Our exposure to bacteria begins before we’re born according to new research led by The University of Western Australia. The study, published in Frontiers in Microbiology, used rigorous contamination controls to confirm that exposure to bacteria begins in the womb.
Lead author Dr Lisa Stinson, from UWA’s Faculty of Health and Medical Sciences, said the researchers collected amniotic fluid samples from 50 healthy women undergoing planned caesarean deliveries, and found that nearly all contained bacterial DNA. The researchers subsequently found all 50 newborns had bacteria in their first bowel movement.
“Over the last decade, numerous studies have detected bacterial DNA in amniotic fluid and first-pass meconium (baby’s first poo), challenging the long-held assumption that the womb is sterile,” Dr Stinson said.
“However, some argue that the results are false positives – contaminants in the reagents used in DNA analysis.”
The researchers said it was important to conclusively determine whether a healthy womb contained bacteria because the ‘fetal microbiome’ was likely to have a significant impact on the developing immune system, gut and brain.
To settle the issue, the research team took strict measures to eliminate bacterial contamination when analysing amniotic fluid and meconium samples.
For example, they purified the reagents used to detect bacterial DNA in the samples, by adding an enzyme which digests DNA remnants from bio-manufacturing.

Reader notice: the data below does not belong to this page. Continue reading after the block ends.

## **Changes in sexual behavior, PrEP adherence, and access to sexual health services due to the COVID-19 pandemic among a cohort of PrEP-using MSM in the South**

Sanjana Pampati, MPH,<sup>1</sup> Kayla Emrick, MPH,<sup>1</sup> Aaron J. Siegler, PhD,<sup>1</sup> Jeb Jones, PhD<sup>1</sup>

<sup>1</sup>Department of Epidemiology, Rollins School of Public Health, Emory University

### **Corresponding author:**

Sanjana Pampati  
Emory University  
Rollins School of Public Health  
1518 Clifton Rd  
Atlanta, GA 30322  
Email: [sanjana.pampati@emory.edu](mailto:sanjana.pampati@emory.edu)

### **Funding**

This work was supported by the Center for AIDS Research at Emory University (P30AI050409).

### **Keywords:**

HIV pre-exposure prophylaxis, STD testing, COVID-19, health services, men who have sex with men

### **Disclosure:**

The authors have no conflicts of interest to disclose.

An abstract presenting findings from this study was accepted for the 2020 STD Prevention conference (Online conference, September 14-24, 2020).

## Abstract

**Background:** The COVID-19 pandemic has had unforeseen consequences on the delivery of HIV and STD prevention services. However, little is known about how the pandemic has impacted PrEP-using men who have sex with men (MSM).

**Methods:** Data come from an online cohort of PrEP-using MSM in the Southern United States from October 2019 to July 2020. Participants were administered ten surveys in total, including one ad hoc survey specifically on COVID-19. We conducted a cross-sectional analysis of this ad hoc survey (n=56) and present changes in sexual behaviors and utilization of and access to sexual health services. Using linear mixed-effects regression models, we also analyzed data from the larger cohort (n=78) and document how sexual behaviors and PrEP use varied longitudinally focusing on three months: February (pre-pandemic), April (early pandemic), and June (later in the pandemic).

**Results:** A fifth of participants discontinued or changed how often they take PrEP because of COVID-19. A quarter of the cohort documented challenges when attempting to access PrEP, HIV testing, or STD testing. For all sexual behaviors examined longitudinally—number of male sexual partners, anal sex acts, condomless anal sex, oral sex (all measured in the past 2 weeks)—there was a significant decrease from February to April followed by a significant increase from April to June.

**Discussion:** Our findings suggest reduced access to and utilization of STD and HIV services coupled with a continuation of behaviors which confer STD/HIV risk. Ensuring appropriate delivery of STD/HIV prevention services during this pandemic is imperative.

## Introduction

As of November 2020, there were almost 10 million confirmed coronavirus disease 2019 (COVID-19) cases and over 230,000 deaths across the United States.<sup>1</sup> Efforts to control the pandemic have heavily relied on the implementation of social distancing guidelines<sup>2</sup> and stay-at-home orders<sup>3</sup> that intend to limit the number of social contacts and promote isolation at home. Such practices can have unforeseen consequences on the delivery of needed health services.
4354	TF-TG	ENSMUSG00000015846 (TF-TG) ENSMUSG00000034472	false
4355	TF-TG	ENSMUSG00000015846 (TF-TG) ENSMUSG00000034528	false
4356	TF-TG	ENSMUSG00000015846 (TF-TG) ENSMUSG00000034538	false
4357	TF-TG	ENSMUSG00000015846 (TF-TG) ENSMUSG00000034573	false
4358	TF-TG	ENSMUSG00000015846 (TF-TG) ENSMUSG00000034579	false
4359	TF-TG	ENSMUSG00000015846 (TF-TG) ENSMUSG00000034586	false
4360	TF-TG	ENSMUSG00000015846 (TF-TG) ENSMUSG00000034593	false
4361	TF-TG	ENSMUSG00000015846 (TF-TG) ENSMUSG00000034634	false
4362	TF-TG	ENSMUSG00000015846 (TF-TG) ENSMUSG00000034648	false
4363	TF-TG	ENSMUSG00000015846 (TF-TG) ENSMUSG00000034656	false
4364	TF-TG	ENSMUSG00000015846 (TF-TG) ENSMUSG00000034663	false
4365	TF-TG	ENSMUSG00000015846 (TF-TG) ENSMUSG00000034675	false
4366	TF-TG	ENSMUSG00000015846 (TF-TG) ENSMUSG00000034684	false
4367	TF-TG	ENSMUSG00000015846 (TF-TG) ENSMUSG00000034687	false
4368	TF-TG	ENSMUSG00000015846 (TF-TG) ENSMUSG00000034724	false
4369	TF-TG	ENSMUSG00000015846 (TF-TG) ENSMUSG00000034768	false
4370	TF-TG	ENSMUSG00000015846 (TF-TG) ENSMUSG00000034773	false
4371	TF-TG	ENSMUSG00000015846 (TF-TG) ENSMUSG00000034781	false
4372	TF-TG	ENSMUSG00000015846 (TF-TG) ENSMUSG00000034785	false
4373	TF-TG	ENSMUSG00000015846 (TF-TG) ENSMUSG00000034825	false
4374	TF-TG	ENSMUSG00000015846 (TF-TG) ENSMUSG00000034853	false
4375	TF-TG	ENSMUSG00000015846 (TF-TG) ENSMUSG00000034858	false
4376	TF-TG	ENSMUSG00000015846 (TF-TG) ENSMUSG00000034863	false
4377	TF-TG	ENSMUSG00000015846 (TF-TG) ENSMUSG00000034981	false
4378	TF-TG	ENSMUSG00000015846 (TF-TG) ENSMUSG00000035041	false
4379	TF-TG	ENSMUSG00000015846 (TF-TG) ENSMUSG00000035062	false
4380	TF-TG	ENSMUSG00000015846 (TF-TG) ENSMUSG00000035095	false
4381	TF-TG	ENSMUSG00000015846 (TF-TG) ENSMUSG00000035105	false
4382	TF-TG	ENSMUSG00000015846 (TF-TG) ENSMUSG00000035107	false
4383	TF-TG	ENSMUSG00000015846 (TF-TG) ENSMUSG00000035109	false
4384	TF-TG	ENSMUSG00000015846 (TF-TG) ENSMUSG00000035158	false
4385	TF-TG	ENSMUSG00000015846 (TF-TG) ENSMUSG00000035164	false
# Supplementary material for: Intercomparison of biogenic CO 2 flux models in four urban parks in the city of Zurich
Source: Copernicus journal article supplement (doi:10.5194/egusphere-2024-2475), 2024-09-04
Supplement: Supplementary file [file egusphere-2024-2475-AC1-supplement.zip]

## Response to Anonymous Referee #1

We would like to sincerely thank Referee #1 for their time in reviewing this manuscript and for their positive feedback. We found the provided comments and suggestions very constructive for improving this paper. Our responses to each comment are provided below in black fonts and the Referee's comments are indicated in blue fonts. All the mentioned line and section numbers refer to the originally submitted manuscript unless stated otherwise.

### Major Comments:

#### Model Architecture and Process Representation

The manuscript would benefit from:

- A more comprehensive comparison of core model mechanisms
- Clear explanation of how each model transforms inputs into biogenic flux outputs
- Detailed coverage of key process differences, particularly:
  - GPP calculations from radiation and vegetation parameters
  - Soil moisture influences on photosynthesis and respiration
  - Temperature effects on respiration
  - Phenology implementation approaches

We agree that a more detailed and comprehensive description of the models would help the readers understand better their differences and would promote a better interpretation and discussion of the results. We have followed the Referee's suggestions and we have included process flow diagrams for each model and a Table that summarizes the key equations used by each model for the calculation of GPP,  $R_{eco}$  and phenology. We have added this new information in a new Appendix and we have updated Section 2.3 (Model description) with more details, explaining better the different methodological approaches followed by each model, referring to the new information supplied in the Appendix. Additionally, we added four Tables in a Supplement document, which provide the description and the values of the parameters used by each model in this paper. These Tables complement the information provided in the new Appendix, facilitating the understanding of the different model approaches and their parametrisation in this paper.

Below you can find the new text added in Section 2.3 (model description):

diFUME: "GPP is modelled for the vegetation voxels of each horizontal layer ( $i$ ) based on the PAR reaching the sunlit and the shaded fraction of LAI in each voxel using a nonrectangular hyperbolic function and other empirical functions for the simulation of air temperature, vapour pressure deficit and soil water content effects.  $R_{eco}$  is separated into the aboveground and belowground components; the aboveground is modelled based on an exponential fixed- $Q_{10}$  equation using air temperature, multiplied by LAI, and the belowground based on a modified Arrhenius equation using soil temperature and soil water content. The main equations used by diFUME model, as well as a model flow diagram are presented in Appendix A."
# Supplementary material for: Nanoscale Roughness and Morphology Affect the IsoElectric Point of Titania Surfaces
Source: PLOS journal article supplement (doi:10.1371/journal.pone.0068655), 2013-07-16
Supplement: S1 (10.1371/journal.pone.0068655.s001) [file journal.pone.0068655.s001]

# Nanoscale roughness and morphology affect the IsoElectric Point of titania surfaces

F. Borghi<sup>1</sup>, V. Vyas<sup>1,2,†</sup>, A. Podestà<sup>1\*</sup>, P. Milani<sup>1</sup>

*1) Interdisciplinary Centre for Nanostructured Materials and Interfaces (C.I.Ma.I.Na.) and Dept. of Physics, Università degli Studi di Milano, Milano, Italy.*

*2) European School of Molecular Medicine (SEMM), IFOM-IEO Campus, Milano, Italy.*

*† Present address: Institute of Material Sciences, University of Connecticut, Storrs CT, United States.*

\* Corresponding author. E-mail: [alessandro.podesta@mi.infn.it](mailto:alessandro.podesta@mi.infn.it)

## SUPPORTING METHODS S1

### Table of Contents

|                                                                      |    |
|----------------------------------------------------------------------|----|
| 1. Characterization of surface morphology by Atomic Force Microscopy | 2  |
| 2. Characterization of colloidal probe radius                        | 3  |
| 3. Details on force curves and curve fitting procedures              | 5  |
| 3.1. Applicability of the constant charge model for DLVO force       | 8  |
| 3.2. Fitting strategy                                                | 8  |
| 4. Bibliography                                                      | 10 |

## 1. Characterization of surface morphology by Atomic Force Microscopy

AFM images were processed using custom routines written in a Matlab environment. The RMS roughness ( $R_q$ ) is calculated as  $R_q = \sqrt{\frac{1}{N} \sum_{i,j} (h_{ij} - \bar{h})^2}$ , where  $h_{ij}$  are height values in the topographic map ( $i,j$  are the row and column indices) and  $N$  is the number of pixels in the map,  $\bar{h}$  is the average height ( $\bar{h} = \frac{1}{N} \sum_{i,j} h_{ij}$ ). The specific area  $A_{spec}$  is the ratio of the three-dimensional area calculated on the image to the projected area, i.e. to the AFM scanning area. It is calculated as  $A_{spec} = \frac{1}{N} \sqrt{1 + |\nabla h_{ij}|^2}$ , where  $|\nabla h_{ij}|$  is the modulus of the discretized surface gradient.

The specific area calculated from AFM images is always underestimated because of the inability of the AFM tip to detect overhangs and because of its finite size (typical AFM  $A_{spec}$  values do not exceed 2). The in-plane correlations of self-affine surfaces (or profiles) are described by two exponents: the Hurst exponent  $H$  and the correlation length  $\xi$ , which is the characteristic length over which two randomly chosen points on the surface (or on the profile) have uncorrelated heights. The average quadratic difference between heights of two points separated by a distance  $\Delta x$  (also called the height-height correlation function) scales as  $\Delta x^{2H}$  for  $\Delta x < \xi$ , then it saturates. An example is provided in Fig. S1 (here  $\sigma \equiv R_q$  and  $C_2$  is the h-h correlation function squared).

“Despite these measures, we still found bacterial DNA in almost all samples,” Dr Stinson said.
“Interestingly, the meconium microbiome varied hugely between individual newborns. The amniotic fluid microbiome for the most part contained typical skin bacteria, such as Propionibacterium acnes and Staphylococcus species.”
None of the women who took part in the study nor their babies had any sign of infection. In fact, the fetal microbiome may prove to be a beneficial regulator of early development.
“We found that levels of important immune modulators in meconium and inflammatory mediators in amniotic fluid varied according to the amount and species of bacterial DNA present,” Dr Stinson said.
“This suggests that the fetal microbiome has the potential to influence the developing fetal immune system.”
Dr Stinson said there was one small caveat – technically, the DNA in these samples could have come from bacteria that were already dead in the womb.
“Here we’ve proven that bacterial DNA is present in the womb, but the next step will be to show whether these are alive and constitute a true microbiome,” concludes Stinson.
The University of Western Australia